Prime Minister Malcolm Turnbull faces a fresh outbreak of party disunity over climate policy, with backbench MPs questioning the government's timing, scope and tactics after a formal review of the Direct Action plan was finally announced.
Environment and Energy Minister Josh Frydenberg on Monday launched the long-awaited review - which controversially promises to look at whether to introduce an emissions intensity scheme for electricity generators, which is a type of carbon price - though he emphasised a focus on household electricity prices and energy security.
Energy and business leaders immediately issued a plea to the Coalition and Labor: end a decade of destructive politics and come up with a shared national plan to cut emissions over coming decades, including some sort of carbon price.
Most were open to that being an emissions intensity scheme, which would set a baseline for how much carbon dioxide a power station could emit for every unit of power generated, penalising those that breached their limit and rewarding cleaner models that emitted less.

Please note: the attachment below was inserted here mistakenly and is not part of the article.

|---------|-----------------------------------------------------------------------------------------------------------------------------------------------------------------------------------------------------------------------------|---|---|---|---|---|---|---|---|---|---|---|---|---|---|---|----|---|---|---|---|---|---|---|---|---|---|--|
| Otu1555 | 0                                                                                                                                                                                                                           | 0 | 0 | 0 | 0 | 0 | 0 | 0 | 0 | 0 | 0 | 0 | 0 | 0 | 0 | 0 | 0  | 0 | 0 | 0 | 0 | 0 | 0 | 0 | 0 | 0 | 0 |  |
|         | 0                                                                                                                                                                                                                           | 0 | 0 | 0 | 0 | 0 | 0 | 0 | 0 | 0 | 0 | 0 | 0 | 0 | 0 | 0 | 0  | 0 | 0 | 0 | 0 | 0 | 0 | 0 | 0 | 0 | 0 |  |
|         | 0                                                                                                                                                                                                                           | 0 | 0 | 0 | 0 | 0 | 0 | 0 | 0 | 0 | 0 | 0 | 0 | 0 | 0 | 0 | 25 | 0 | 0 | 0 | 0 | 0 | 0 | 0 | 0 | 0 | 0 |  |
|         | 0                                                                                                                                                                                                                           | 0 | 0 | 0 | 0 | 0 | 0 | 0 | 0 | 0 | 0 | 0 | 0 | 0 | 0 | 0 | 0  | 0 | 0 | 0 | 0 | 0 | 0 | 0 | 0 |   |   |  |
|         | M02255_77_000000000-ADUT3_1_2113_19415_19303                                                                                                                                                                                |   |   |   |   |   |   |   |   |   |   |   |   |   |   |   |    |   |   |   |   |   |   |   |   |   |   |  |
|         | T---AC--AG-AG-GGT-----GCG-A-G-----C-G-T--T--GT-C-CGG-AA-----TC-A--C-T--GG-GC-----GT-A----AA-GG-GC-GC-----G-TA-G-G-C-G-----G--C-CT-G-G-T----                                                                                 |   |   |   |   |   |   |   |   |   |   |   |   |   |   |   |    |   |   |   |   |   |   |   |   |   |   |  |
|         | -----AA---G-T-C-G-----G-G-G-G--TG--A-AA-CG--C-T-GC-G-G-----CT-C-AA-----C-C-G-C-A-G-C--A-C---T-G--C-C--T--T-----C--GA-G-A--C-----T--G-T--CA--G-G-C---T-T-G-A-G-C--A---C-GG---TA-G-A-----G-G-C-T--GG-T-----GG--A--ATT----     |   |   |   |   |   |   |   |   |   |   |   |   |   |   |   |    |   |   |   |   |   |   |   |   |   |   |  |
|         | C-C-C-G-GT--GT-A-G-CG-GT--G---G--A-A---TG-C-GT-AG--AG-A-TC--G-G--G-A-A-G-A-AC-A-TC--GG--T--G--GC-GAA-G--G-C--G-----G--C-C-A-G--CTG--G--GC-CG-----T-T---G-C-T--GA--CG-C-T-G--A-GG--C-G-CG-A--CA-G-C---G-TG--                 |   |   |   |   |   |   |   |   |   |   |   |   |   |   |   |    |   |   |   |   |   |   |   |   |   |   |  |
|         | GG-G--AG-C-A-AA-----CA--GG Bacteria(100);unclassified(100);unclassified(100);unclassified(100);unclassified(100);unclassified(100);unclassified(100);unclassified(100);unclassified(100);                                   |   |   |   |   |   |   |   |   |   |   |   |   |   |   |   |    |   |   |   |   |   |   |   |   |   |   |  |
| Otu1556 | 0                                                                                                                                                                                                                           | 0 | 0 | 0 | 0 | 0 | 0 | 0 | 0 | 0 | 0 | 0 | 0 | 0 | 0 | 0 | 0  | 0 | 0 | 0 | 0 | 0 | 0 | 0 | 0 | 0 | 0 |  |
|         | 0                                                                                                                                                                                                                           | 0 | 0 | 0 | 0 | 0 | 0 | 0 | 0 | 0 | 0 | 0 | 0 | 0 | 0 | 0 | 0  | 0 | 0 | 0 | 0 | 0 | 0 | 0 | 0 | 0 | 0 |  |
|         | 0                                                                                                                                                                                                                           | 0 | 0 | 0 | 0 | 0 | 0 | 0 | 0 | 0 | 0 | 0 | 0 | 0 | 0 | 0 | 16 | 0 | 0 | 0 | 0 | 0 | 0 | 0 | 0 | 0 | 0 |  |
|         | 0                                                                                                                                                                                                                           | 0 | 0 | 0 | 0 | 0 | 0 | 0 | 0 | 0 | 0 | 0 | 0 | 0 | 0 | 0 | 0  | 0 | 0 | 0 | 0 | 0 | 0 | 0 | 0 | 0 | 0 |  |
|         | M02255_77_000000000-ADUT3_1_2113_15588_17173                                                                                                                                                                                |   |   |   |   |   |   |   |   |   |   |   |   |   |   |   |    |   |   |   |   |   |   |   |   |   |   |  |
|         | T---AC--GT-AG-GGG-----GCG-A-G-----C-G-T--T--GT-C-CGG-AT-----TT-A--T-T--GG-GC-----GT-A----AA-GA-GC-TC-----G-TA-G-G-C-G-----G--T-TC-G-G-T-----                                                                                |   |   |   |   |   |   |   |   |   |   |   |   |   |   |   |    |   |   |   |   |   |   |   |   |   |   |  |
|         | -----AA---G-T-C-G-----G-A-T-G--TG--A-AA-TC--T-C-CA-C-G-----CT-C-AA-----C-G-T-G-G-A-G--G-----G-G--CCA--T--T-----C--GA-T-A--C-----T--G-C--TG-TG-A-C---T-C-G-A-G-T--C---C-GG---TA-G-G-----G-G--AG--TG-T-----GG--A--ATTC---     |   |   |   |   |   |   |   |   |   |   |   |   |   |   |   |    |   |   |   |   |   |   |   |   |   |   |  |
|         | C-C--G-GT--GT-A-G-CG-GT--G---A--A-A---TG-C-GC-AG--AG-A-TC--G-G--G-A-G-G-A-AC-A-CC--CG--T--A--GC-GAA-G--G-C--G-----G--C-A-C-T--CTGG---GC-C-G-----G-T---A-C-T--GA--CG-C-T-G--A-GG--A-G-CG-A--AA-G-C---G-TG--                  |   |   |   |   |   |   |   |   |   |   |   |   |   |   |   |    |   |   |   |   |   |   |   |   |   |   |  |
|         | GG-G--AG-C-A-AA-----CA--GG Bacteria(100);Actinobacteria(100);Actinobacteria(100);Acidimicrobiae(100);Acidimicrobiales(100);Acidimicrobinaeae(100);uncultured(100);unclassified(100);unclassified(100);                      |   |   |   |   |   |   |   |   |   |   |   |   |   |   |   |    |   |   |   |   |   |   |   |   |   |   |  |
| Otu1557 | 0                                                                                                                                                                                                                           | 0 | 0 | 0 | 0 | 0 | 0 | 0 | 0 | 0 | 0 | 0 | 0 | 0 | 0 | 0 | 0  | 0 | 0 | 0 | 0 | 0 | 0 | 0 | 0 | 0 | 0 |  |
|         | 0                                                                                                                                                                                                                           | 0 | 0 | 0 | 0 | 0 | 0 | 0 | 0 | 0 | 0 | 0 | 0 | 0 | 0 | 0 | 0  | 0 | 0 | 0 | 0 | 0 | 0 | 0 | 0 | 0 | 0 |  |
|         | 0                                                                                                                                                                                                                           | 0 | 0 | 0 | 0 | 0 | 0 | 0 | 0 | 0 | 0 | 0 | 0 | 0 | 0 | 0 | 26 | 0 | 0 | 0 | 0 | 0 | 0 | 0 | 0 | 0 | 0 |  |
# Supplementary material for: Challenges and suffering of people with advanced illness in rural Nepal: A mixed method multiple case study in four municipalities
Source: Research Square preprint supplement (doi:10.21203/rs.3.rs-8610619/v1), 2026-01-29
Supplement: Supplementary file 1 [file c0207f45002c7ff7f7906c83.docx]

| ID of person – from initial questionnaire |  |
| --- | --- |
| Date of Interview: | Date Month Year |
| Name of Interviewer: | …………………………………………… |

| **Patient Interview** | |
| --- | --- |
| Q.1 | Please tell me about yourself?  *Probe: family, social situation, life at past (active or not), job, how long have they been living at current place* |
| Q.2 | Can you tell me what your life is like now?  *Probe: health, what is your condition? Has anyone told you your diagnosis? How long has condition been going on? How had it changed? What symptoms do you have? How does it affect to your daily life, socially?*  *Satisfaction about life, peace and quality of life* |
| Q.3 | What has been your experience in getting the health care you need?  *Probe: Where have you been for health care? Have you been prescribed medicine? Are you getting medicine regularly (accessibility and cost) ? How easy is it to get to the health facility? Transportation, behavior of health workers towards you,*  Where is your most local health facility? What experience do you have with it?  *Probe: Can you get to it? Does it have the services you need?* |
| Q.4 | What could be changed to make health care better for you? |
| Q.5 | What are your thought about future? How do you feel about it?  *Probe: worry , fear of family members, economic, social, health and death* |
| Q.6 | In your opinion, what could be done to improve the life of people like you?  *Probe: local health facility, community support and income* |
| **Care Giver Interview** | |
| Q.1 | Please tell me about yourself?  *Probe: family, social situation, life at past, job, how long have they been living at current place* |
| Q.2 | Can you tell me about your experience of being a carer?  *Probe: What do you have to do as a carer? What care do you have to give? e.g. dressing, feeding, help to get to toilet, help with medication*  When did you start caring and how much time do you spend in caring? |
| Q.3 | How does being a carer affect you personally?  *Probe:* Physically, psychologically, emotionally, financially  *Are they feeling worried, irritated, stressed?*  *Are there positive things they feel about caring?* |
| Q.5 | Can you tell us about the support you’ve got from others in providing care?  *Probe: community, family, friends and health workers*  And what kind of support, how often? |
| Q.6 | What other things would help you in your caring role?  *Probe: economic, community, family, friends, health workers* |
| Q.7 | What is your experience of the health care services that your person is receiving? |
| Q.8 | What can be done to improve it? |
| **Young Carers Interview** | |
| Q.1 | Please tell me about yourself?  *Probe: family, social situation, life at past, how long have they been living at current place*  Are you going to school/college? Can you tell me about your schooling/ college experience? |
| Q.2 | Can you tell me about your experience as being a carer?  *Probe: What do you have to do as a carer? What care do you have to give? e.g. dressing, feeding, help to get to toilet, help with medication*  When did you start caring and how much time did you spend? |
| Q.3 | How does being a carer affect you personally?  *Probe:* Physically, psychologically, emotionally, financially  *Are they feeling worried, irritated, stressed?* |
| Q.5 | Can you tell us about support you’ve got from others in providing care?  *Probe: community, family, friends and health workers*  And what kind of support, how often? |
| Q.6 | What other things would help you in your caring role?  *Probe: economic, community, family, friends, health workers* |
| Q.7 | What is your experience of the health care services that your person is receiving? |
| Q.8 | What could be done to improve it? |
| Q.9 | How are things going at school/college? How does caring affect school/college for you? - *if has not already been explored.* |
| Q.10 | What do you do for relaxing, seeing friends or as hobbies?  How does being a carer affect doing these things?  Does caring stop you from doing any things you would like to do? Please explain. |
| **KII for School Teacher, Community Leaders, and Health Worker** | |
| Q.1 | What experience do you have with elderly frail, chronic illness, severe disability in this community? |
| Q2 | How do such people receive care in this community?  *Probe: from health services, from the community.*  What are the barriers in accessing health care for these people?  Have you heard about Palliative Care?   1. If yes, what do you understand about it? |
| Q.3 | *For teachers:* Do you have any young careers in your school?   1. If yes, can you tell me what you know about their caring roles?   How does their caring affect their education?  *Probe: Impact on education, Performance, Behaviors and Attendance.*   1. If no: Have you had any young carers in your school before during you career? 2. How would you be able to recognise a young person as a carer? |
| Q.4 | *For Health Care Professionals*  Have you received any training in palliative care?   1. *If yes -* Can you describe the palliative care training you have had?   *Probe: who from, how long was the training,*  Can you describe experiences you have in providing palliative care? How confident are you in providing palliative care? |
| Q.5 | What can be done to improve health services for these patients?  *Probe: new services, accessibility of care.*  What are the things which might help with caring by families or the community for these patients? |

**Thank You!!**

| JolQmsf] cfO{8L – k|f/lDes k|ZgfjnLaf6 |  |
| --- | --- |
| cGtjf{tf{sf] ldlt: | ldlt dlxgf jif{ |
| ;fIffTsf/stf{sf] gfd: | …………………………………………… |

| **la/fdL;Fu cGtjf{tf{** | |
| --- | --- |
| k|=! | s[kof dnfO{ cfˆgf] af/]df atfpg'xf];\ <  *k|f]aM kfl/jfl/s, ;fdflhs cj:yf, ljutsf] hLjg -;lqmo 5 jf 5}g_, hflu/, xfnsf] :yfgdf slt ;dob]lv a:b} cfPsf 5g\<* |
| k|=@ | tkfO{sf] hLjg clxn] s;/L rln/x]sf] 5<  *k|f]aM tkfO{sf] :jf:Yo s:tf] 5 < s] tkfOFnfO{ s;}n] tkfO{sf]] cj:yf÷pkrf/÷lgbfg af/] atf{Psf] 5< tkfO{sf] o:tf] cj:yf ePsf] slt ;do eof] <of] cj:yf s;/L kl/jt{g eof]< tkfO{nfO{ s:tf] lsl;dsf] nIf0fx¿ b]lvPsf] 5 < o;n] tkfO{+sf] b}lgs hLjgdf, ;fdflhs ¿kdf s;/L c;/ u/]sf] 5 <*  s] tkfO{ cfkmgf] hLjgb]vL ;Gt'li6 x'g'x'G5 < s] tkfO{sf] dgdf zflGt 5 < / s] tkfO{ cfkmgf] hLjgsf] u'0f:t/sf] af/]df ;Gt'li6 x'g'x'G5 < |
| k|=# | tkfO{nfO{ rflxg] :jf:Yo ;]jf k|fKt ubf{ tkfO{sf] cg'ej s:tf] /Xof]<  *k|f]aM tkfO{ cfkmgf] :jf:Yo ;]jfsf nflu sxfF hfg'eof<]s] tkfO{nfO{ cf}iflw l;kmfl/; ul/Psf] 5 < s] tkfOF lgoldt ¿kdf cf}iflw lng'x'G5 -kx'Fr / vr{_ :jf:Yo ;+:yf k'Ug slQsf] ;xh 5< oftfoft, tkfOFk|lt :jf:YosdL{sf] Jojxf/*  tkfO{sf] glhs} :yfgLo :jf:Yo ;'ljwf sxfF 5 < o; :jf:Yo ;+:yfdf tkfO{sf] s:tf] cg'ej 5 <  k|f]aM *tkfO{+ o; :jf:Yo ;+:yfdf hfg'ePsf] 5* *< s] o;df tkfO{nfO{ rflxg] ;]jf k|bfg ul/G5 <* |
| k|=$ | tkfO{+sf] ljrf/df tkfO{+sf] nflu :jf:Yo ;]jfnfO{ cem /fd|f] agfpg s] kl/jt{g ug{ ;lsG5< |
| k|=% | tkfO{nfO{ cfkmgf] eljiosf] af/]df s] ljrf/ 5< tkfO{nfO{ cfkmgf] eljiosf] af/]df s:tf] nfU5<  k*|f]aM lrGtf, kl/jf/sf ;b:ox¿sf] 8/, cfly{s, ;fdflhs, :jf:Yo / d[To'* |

And as debate about the climate review began, it emerged Tony Abbott's signature "green army" policy, which used young unemployed people on landcare projects, is to be axed, prompting a furious rebuke from the former prime minister.
Fairfax Media spoke to 10 Coalition MPs on Monday about the prospect of an emissions intensity scheme for the electricity sector and all of them were scathing at the prospect of what is, in effect, a carbon price being re-introduced in Australia, regardless of the relative cost.
An emissions intensity scheme puts a hard limit on how much a plant can emit for every unit of electricity it generates. Initially, there could be no cost to generators that stayed within their limit, but those that emitted more than allowed would need to buy carbon permits - representing emissions cuts elsewhere - to offset the breach.